However, the August 2022 meetings of the two Balkan presidents in Brussels have been quite different. First, NATO Secretary-General Jens Stoltenberg stated at a joint press conference with Vučić that NATO has strengthened its presence in Kosovo and is ready to deploy additional forces if tensions with Serbia escalate. Stoltenberg said that the NATO peacekeeping force in Kosovo (KFOR), currently composed of close to 4,000 troops, is ready to intervene “if stability is jeopardized” and “will take any measure that is necessary to ensure a safe and secure environment and freedom of movement for all the people of Kosovo” (DW, August 17).

Vučić was quick to deny that Serbia was planning “any sort of invasion” and declared that Belgrade will continue to respect KFOR’s mandate in accordance with international norms. The Serbian leader claimed that security in the north of Kosovo no longer depends on him or NATO but is rather in the hands of young Serbs there who grew up convinced that Kosovo is Serbia.

However, Pristina is convinced that Serbian security forces are behind the recent disturbances. In truth, Vučić’s rhetoric during the August meeting was markedly different from his address to the nation on July 31 when he claimed that Kosovo was planning to attack Serbia around midnight as tensions heightened along the border. He vowed, “There will be no surrender and Serbia will win; if they dare to start persecuting Serbs, killing Serbs, Serbia will win” (Balkan Insight, August 1).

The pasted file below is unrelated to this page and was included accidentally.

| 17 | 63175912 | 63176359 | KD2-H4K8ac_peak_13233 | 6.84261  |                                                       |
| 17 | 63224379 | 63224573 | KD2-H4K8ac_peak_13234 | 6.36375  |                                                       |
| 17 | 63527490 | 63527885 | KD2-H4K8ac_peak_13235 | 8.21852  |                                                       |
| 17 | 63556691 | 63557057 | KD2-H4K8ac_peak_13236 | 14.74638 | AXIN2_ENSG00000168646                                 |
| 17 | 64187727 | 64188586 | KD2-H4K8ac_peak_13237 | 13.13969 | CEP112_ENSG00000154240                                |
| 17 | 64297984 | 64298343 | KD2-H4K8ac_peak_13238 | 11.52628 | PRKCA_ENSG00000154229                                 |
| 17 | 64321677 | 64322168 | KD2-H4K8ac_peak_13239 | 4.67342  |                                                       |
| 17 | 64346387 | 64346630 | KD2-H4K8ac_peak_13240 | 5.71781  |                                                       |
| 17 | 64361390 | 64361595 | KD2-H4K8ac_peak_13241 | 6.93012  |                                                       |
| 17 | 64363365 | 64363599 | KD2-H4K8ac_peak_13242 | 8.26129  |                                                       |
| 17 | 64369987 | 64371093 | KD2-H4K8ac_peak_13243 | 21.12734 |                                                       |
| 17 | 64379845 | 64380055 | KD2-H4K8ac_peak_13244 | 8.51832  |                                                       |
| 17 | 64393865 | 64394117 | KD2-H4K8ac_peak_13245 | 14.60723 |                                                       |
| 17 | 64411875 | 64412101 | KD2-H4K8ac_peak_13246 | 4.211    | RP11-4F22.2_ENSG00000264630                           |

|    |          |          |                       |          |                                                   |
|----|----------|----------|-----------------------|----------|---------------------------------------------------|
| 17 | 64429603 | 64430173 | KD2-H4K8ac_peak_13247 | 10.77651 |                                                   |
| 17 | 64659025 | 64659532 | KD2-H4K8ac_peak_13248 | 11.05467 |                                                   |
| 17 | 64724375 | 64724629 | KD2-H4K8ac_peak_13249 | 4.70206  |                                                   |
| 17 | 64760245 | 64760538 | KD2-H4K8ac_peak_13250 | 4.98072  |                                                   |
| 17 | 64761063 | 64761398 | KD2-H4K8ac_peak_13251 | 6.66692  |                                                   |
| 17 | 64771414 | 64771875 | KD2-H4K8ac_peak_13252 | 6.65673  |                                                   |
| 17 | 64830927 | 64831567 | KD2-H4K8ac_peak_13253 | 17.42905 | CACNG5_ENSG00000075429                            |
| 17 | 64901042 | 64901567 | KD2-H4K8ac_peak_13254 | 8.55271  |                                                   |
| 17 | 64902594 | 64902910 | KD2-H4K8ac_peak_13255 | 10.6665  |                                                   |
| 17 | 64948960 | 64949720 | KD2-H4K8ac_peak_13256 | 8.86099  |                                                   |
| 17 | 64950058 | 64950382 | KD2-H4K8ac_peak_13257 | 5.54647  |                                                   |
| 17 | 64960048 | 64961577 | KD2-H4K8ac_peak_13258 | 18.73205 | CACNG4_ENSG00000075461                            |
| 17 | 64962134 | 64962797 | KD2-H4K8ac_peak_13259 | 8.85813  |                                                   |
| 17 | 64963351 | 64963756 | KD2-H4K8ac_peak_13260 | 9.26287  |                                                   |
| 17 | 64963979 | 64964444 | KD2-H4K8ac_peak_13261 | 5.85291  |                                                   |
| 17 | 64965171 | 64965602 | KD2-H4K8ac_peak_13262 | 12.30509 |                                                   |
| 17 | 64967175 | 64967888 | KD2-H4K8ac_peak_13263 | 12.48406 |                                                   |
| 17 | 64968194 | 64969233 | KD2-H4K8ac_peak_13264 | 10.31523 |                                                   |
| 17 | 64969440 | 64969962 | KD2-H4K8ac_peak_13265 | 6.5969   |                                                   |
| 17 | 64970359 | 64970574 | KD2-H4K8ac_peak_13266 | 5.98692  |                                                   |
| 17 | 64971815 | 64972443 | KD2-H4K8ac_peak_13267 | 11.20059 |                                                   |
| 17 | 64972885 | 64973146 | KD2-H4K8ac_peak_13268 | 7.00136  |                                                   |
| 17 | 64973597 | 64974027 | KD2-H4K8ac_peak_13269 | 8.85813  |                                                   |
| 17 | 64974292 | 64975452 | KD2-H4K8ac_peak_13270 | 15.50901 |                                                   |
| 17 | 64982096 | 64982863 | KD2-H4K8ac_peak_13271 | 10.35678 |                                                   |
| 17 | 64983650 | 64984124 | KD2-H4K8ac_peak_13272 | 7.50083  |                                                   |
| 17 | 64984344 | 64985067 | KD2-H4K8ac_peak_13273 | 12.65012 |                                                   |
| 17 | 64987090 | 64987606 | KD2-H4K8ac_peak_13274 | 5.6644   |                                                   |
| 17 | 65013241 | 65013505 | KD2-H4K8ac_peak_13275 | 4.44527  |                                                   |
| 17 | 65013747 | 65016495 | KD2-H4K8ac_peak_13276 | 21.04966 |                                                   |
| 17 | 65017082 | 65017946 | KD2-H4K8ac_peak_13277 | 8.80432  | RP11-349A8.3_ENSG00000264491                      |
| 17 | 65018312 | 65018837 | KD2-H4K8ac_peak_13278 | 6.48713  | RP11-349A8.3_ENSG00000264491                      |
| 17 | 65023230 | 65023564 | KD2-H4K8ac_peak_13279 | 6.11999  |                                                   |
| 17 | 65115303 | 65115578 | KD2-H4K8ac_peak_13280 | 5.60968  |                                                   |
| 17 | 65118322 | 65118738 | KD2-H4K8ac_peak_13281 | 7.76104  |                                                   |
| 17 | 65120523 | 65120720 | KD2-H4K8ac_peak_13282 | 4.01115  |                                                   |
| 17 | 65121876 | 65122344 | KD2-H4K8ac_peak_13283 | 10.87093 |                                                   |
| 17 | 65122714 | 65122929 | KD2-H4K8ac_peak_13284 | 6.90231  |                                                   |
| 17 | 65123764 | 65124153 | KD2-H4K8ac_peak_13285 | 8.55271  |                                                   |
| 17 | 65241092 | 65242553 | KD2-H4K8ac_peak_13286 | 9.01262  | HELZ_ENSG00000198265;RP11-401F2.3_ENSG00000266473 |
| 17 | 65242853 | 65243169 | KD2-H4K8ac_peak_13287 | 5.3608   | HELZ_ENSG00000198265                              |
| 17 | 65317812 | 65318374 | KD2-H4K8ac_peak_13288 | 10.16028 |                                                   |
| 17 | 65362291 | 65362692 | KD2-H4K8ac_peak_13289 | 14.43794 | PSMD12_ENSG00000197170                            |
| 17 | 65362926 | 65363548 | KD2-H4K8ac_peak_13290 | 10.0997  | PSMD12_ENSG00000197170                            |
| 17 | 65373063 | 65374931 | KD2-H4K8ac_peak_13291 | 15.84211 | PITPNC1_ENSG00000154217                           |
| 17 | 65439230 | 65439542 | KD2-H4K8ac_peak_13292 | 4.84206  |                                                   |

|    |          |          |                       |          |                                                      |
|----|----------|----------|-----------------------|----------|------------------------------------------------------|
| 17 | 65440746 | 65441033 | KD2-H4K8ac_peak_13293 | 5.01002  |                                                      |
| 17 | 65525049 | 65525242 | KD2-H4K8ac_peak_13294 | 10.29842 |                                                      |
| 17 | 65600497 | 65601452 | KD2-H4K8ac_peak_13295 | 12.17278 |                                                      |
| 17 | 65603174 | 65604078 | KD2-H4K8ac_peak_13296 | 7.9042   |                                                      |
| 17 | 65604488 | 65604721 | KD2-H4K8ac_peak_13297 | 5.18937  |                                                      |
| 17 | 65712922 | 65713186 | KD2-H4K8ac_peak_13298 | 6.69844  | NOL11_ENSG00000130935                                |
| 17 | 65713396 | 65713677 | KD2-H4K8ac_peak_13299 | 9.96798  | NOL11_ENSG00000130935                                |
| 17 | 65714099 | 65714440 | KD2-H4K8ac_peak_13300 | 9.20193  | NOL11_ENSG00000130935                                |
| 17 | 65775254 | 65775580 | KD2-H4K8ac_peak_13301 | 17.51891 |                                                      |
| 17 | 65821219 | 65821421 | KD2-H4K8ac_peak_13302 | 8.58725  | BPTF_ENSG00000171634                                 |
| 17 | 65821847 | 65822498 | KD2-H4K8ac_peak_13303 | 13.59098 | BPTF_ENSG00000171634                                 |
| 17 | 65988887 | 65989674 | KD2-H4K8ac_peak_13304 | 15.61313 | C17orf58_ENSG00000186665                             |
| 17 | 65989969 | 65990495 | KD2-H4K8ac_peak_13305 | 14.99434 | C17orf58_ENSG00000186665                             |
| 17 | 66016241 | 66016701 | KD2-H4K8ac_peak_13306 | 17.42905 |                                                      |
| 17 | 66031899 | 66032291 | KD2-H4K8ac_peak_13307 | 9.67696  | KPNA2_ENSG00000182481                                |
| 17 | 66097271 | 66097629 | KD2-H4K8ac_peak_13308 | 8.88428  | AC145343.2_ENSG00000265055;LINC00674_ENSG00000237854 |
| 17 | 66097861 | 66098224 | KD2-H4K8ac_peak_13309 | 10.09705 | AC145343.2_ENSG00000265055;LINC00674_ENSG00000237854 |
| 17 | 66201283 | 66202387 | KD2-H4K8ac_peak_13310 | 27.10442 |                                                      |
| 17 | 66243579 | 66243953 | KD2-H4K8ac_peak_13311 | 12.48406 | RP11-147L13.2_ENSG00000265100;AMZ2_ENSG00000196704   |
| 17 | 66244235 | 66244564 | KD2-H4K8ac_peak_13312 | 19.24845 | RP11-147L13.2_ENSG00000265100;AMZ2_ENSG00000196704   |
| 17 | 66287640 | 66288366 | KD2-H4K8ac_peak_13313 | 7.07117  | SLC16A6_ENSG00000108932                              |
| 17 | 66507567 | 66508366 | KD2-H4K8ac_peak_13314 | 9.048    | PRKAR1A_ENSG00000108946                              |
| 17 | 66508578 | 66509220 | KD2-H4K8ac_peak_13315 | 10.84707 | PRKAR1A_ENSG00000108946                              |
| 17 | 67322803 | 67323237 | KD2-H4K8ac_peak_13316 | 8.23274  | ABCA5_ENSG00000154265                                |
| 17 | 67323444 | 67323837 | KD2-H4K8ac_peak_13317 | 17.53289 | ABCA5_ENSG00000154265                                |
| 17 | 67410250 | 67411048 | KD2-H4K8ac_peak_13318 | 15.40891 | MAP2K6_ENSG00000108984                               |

Vučić also denied that Serbia intends to host a Russian military base on its territory, stressing his country’s military neutrality (YouTube, August 17). Nevertheless, Serbian Minister of Internal Affairs Aleksandar Vulin will be traveling to Moscow on August 22 to meet with Russian Foreign Minister Sergey Lavrov. Vulin is known for denying the Srebrenica genocide and being an avid promoter of the “Serbian World” concept, a replica of Putin’s “Russian World” idea that led to the invasion of Ukraine (, September 27, 2021).

As Belgrade is trying to balance its four primary pillars of diplomacy—that is, equal relations with Russia, China, the EU and the United States—Russia’s war in Ukraine is inevitably changing the equation. Although Belgrade has condemned the invasion, it has refused to impose sanctions on Moscow. Yet, the Russian pillar of Serbian foreign relations is rapidly collapsing as Moscow’s international standing and reputation has been thoroughly tarnished, and now, many have labeled Russia a terrorist state actively committing war crimes.

Indeed, the war has been on the mind of NATO and EU leaders as they work to prevent another crisis in the Balkans. To this end, Borrell clearly stated: “This is happening at a critical time for our continent. After the Russian invasion of Ukraine, we are facing a very dramatic and dangerous moment for our continent, and this is not a time to raise tensions but to seek solutions and solve far-reaching issues” (, August 19).

Additionally, Borrell talked about reaching a comprehensive agreement for the normalization of relations between Kosovo and Serbia, not just solving the license plate problem and other granular issues. He stressed that the current tensions are a symptom of broader unresolved issues. Thus, it seems that both NATO and the EU, along with the US, have concluded that piecemeal deals on individual problems will not be resolved until the question of mutual state recognition between Kosovo and Serbia is finally settled.